21. On behalf of the Respondent, Mr Alexander Robson readily accepts that the Employment Judge's reasons are poorly drafted. He argues however that the issue is not whether the Claimant or the EAT can identify obvious shortcomings in the reasons; rather it is whether they set out the essential gist of the Employment Judge's reasoning. He submits that, in the context of a correct statement of the law in paragraphs 11 to 14, the reasoning in paragraphs 15 to 17 was sufficient. Indeed, he submitted that the reasoning in the last four lines of paragraph 17 would suffice on its own, but he also took me through paragraphs 16 and 17 in an endeavour to show that they sufficiently set out the Employment Judge's reasoning.

22. Mr Robson further submits that the Employment Judge did not fall into error in paragraph 17 of his reasons. The word "then" must mean "at the time of appointment". It cannot mean at the time of the disciplinary proceedings or dismissal for Mr Beck had made it plain he was aware of at least some of the communications. It would have been a knockdown point for the Respondent if Mr Beck had not been aware of the disclosures at all.

23. Further or alternatively, Mr Robson argues that the Employment Judge, if he applied the law correctly, could have reached only one conclusion; namely, that the claim of automatic unfair dismissal was not "likely" to succeed in the section 129 sense. He has taken me through what he says are formidable difficulties which the Claimant faces in his application. He emphasises in particular that Mr Beck was an independent HR professional who produced a detailed report justifying his conclusions. He argues that his thought processes alone are relevant (see Jhuti) and there is no reason to suppose that he would risk his reputation to provide a false account of his reasons for dismissal. Mr Halliday, however, submits that if the Employment Judge has not provided proper reasons, the matter must be remitted for rehearing in obedience to approach laid down by the Court of Appeal in Jafri v Lincoln College [2014] ICR 920.

Discussion and Conclusions

24. Section 103A of the ERA provides that if the sole or principal reason for a dismissal is that the employee made a protected disclosure, the dismissal should be regarded as unfair. Section 128 makes provision for an application for interim relief, which will keep the contract of employment in force for limited purposes until determination of the claim of unfair dismissal. Section 129(1) sets out the test which must be satisfied before the application is granted. It must appear to the ET that it is likely that on determining the substantive complaint the reason for dismissal will indeed be the reason alleged by the employee. The application must be made urgently and the ET must determine the application as soon as practicable after it is received; see section 128(3)-(5). The ET will not hear oral evidence unless it makes a positive decision to do so; see Rule 95 of the Employment Tribunals (Constitution and Rules of Procedure) Regulations 2013 ("ET Rules").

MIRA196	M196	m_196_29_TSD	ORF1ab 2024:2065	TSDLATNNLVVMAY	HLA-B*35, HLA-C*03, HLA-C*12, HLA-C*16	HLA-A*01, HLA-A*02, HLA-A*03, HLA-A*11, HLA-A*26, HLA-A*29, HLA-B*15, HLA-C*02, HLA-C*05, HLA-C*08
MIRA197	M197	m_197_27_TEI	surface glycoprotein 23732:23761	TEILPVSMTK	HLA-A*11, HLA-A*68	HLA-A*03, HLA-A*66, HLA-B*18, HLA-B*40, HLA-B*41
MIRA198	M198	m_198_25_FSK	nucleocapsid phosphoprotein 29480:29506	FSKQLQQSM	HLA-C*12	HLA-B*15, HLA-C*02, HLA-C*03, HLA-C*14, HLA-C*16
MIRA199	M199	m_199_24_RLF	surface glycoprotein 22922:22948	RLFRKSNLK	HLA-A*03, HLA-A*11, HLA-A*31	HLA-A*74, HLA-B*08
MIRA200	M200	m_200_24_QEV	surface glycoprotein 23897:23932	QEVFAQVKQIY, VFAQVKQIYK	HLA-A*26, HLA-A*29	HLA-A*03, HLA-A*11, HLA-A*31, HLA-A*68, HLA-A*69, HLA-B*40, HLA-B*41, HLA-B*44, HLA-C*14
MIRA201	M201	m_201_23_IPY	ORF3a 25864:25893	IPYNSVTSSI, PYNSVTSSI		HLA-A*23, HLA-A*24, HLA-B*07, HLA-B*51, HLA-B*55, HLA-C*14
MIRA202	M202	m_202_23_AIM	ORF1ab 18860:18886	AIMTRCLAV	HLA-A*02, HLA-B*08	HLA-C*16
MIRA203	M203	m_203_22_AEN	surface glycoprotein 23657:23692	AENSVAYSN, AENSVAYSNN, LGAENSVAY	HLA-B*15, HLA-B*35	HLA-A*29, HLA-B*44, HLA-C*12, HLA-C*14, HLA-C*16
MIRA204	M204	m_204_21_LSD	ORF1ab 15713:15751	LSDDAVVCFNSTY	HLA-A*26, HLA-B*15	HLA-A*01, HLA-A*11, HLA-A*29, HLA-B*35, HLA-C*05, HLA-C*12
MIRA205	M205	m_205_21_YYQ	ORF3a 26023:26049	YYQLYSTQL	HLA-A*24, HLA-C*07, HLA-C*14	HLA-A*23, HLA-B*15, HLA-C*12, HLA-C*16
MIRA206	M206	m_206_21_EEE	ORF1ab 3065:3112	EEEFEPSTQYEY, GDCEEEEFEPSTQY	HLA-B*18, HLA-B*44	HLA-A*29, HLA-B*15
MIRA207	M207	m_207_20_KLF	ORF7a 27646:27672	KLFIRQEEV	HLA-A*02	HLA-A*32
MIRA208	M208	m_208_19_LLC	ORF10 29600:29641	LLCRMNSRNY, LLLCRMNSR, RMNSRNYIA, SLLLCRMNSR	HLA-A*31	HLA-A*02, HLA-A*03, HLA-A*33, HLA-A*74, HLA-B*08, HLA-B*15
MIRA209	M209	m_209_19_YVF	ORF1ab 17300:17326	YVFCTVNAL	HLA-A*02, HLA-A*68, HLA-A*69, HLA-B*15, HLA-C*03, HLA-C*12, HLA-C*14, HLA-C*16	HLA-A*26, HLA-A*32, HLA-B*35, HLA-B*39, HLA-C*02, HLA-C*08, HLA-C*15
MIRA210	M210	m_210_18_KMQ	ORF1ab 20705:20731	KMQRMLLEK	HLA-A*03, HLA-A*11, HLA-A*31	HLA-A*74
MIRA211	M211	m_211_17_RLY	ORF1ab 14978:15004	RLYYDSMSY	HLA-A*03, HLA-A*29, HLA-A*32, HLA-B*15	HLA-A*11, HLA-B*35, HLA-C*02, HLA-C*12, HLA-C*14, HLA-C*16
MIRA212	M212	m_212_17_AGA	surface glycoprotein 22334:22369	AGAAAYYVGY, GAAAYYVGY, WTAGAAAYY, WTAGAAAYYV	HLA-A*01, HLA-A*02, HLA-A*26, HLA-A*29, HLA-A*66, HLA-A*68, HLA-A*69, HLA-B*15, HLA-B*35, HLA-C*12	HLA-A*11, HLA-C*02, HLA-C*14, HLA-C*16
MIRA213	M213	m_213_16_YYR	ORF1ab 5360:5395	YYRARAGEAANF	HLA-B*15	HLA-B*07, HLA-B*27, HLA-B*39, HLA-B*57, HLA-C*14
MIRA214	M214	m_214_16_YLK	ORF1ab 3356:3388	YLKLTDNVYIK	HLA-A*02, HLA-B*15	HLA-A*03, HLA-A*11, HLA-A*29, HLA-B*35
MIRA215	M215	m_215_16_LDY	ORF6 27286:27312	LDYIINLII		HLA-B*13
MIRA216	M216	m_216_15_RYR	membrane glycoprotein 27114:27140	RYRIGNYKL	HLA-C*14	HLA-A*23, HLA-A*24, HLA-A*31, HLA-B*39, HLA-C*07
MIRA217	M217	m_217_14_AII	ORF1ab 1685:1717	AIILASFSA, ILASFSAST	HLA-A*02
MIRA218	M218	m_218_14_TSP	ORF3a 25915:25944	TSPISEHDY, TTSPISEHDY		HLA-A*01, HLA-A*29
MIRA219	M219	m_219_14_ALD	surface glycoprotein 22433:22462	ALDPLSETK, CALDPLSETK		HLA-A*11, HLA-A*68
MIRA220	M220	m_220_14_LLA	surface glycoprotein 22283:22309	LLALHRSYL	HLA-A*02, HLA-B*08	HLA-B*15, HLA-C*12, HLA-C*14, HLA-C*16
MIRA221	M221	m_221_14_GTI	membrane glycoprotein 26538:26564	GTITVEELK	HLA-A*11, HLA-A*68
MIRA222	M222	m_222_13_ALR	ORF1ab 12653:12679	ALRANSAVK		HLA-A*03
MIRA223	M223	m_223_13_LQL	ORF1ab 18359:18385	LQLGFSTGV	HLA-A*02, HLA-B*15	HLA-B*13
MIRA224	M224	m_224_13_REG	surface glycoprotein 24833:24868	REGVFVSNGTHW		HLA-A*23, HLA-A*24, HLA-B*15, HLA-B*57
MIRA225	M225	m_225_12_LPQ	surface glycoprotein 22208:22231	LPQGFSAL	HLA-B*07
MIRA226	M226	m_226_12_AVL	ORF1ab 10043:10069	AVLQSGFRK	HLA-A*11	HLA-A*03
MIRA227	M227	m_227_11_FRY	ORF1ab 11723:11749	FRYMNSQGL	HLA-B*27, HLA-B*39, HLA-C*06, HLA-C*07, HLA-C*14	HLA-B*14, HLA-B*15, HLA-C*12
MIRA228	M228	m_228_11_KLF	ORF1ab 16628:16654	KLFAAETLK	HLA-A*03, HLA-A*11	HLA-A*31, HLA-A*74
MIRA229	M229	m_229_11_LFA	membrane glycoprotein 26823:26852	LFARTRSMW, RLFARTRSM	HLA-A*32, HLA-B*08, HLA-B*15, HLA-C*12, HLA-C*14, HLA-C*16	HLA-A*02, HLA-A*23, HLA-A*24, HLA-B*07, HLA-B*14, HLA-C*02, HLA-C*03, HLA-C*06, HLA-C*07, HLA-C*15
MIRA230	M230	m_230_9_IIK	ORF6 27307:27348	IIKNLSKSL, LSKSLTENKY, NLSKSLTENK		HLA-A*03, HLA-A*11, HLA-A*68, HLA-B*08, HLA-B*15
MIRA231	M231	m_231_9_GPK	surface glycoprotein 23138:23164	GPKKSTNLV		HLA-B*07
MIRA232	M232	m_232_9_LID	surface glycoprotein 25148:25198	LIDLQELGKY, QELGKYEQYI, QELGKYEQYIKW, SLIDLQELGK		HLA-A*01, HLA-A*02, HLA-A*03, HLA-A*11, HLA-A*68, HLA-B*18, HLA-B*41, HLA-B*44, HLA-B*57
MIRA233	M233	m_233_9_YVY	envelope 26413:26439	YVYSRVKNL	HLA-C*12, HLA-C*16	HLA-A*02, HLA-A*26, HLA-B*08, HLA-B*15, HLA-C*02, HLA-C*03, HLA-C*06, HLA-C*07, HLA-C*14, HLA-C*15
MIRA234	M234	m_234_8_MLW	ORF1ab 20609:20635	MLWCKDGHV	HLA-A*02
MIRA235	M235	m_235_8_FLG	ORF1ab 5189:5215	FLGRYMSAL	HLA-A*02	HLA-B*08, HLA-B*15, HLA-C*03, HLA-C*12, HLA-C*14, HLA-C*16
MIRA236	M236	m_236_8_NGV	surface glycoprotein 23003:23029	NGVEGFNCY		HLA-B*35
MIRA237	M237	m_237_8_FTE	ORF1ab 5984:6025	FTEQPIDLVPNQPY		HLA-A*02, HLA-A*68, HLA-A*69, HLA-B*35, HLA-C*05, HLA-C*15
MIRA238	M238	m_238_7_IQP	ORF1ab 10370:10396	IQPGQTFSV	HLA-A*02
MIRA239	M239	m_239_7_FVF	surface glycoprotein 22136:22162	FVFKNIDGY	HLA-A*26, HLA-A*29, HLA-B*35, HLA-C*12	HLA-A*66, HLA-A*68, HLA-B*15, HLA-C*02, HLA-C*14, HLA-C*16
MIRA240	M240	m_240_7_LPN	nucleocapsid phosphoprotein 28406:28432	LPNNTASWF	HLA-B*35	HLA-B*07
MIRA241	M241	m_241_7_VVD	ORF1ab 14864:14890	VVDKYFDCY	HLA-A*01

25. Taplin v C Shippam Ltd [1978] ICR 1068 and Ministry of Justice v Sarfraz [2011] IRLR 562 are leading cases on the tests to be applied by the ET. Put shortly, an application for interim relief is a brief urgent hearing at which the Employment Judge must make a broad assessment. The question is whether the claim under section 103A is likely to succeed. This does not simply mean more likely than not. It connotes a significantly higher degree of likelihood. The Tribunal should ask itself whether the Applicant has established that he has a pretty good chance of succeeding in the final application to the Tribunal.

26. Reasons must of course be given for the decision on an application for interim relief; see Rule 62 of the ET Rules. As to reasons generally, the requirement is that reasons should enable the parties to see why they have won or lost and should enable an appellate court to see that the law has been correctly understood and applied. The nature and extent of the reasoning required will depend on the issues. Thus, Rule 62(4) provides that the reasons given for any decision shall be "proportionate to the significance of the issue and for decisions other than judgments may be very short".

27. The requirement to give reasons in the context of an application for interim relief has been considered by the EAT; see Dandpat v University of Bath UKEAT/0408/09, Parsons v Airplus International Ltd UKEAT/0023/16 and Al Qasimi v Robinson UKEAT/0283/17. The learning from those decisions was helpfully summarised by Her Honour Judge Eady QC in Al Qasimi in paragraph 59: